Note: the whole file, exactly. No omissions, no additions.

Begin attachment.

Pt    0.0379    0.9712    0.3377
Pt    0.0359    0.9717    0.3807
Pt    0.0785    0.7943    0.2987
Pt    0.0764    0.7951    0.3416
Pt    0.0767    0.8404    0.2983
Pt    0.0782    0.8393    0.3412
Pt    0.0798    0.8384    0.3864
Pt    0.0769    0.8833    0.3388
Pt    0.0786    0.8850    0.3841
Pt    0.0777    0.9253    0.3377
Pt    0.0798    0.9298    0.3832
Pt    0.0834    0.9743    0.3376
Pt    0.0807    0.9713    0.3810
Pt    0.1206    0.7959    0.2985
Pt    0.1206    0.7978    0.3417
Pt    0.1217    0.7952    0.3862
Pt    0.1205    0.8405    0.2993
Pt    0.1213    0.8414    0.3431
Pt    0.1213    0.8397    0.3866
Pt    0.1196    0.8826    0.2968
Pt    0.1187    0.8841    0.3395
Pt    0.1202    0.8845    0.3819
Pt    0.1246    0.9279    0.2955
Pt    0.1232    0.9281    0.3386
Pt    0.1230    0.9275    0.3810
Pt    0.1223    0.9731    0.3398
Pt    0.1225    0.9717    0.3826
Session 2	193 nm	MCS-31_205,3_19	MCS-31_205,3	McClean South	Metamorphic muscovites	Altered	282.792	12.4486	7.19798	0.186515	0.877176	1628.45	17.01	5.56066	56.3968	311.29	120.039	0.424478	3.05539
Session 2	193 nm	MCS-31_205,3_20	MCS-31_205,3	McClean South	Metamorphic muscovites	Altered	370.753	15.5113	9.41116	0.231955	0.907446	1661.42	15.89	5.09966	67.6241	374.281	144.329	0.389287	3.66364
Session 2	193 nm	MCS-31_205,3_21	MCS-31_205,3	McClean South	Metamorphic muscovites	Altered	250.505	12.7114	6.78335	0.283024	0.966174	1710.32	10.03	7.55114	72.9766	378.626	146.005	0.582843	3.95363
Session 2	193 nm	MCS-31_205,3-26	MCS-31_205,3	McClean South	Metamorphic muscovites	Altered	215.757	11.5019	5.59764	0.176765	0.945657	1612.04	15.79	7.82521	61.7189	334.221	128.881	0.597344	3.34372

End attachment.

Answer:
Pt    0.0379    0.9712    0.3377
Pt    0.0359    0.9717    0.3807
Pt    0.0785    0.7943    0.2987
Pt    0.0764    0.7951    0.3416
Pt    0.0767    0.8404    0.2983
Pt    0.0782    0.8393    0.3412
Pt    0.0798    0.8384    0.3864
Pt    0.0769    0.8833    0.3388
Pt    0.0786    0.8850    0.3841
Pt    0.0777    0.9253    0.3377
Pt    0.0798    0.9298    0.3832
Pt    0.0834    0.9743    0.3376
Pt    0.0807    0.9713    0.3810
Pt    0.1206    0.7959    0.2985
Pt    0.1206    0.7978    0.3417
Pt    0.1217    0.7952    0.3862
Pt    0.1205    0.8405    0.2993
Pt    0.1213    0.8414    0.3431
Pt    0.1213    0.8397    0.3866
Pt    0.1196    0.8826    0.2968
Pt    0.1187    0.8841    0.3395
Pt    0.1202    0.8845    0.3819
Pt    0.1246    0.9279    0.2955
Pt    0.1232    0.9281    0.3386
Pt    0.1230    0.9275    0.3810
Pt    0.1223    0.9731    0.3398
Pt    0.1225    0.9717    0.3826
Session 2	193 nm	MCS-31_205,3_19	MCS-31_205,3	McClean South	Metamorphic muscovites	Altered	282.792	12.4486	7.19798	0.186515	0.877176	1628.45	17.01	5.56066	56.3968	311.29	120.039	0.424478	3.05539
Session 2	193 nm	MCS-31_205,3_20	MCS-31_205,3	McClean South	Metamorphic muscovites	Altered	370.753	15.5113	9.41116	0.231955	0.907446	1661.42	15.89	5.09966	67.6241	374.281	144.329	0.389287	3.66364
Session 2	193 nm	MCS-31_205,3_21	MCS-31_205,3	McClean South	Metamorphic muscovites	Altered	250.505	12.7114	6.78335	0.283024	0.966174	1710.32	10.03	7.55114	72.9766	378.626	146.005	0.582843	3.95363
Session 2	193 nm	MCS-31_205,3-26	MCS-31_205,3	McClean South	Metamorphic muscovites	Altered	215.757	11.5019	5.59764	0.176765	0.945657	1612.04	15.79	7.82521	61.7189	334.221	128.881	0.597344	3.34372